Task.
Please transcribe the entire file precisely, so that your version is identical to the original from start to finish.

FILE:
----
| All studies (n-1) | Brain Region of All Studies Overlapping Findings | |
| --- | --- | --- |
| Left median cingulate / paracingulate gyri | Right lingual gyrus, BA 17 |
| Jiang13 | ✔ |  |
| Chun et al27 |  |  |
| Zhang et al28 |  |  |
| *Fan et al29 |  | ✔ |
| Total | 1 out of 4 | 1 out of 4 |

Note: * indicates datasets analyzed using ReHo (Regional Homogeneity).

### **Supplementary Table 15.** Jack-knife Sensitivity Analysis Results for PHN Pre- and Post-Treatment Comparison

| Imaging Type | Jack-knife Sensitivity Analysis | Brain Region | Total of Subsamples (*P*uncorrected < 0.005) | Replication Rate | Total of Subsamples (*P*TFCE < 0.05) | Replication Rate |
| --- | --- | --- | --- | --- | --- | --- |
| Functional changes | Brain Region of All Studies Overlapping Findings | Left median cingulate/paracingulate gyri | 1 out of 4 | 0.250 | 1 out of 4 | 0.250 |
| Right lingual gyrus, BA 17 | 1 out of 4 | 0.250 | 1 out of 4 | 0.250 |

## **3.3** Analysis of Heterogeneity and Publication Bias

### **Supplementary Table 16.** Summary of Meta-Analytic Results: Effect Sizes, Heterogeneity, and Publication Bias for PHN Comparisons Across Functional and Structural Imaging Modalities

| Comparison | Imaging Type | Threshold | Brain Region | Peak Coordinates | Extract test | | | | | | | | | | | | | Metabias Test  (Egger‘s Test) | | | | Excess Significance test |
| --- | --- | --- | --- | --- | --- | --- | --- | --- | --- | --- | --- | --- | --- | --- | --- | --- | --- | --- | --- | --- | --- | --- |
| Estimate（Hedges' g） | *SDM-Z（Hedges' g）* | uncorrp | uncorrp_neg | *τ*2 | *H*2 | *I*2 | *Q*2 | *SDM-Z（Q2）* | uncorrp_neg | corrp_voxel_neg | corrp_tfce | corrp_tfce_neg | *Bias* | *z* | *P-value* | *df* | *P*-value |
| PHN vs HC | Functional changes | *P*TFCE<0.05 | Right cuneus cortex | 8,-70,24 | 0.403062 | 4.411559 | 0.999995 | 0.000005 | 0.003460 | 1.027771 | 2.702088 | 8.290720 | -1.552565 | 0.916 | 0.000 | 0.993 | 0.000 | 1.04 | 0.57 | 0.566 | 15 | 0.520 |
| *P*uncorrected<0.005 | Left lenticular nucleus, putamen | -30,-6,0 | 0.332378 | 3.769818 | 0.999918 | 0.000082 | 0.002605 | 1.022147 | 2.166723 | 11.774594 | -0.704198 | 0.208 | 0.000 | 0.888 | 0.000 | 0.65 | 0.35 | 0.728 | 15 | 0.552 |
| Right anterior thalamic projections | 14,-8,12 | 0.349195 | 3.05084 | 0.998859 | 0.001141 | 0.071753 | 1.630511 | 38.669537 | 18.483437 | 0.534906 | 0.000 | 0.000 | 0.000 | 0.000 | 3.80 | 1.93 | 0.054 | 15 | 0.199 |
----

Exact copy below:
| All studies (n-1) | Brain Region of All Studies Overlapping Findings | |
| --- | --- | --- |
| Left median cingulate / paracingulate gyri | Right lingual gyrus, BA 17 |
| Jiang13 | ✔ |  |
| Chun et al27 |  |  |
| Zhang et al28 |  |  |
| *Fan et al29 |  | ✔ |
| Total | 1 out of 4 | 1 out of 4 |

Note: * indicates datasets analyzed using ReHo (Regional Homogeneity).

### **Supplementary Table 15.** Jack-knife Sensitivity Analysis Results for PHN Pre- and Post-Treatment Comparison

| Imaging Type | Jack-knife Sensitivity Analysis | Brain Region | Total of Subsamples (*P*uncorrected < 0.005) | Replication Rate | Total of Subsamples (*P*TFCE < 0.05) | Replication Rate |
| --- | --- | --- | --- | --- | --- | --- |
| Functional changes | Brain Region of All Studies Overlapping Findings | Left median cingulate/paracingulate gyri | 1 out of 4 | 0.250 | 1 out of 4 | 0.250 |
| Right lingual gyrus, BA 17 | 1 out of 4 | 0.250 | 1 out of 4 | 0.250 |

## **3.3** Analysis of Heterogeneity and Publication Bias

### **Supplementary Table 16.** Summary of Meta-Analytic Results: Effect Sizes, Heterogeneity, and Publication Bias for PHN Comparisons Across Functional and Structural Imaging Modalities

| Comparison | Imaging Type | Threshold | Brain Region | Peak Coordinates | Extract test | | | | | | | | | | | | | Metabias Test  (Egger‘s Test) | | | | Excess Significance test |
| --- | --- | --- | --- | --- | --- | --- | --- | --- | --- | --- | --- | --- | --- | --- | --- | --- | --- | --- | --- | --- | --- | --- |
| Estimate（Hedges' g） | *SDM-Z（Hedges' g）* | uncorrp | uncorrp_neg | *τ*2 | *H*2 | *I*2 | *Q*2 | *SDM-Z（Q2）* | uncorrp_neg | corrp_voxel_neg | corrp_tfce | corrp_tfce_neg | *Bias* | *z* | *P-value* | *df* | *P*-value |
| PHN vs HC | Functional changes | *P*TFCE<0.05 | Right cuneus cortex | 8,-70,24 | 0.403062 | 4.411559 | 0.999995 | 0.000005 | 0.003460 | 1.027771 | 2.702088 | 8.290720 | -1.552565 | 0.916 | 0.000 | 0.993 | 0.000 | 1.04 | 0.57 | 0.566 | 15 | 0.520 |
| *P*uncorrected<0.005 | Left lenticular nucleus, putamen | -30,-6,0 | 0.332378 | 3.769818 | 0.999918 | 0.000082 | 0.002605 | 1.022147 | 2.166723 | 11.774594 | -0.704198 | 0.208 | 0.000 | 0.888 | 0.000 | 0.65 | 0.35 | 0.728 | 15 | 0.552 |
| Right anterior thalamic projections | 14,-8,12 | 0.349195 | 3.05084 | 0.998859 | 0.001141 | 0.071753 | 1.630511 | 38.669537 | 18.483437 | 0.534906 | 0.000 | 0.000 | 0.000 | 0.000 | 3.80 | 1.93 | 0.054 | 15 | 0.199 |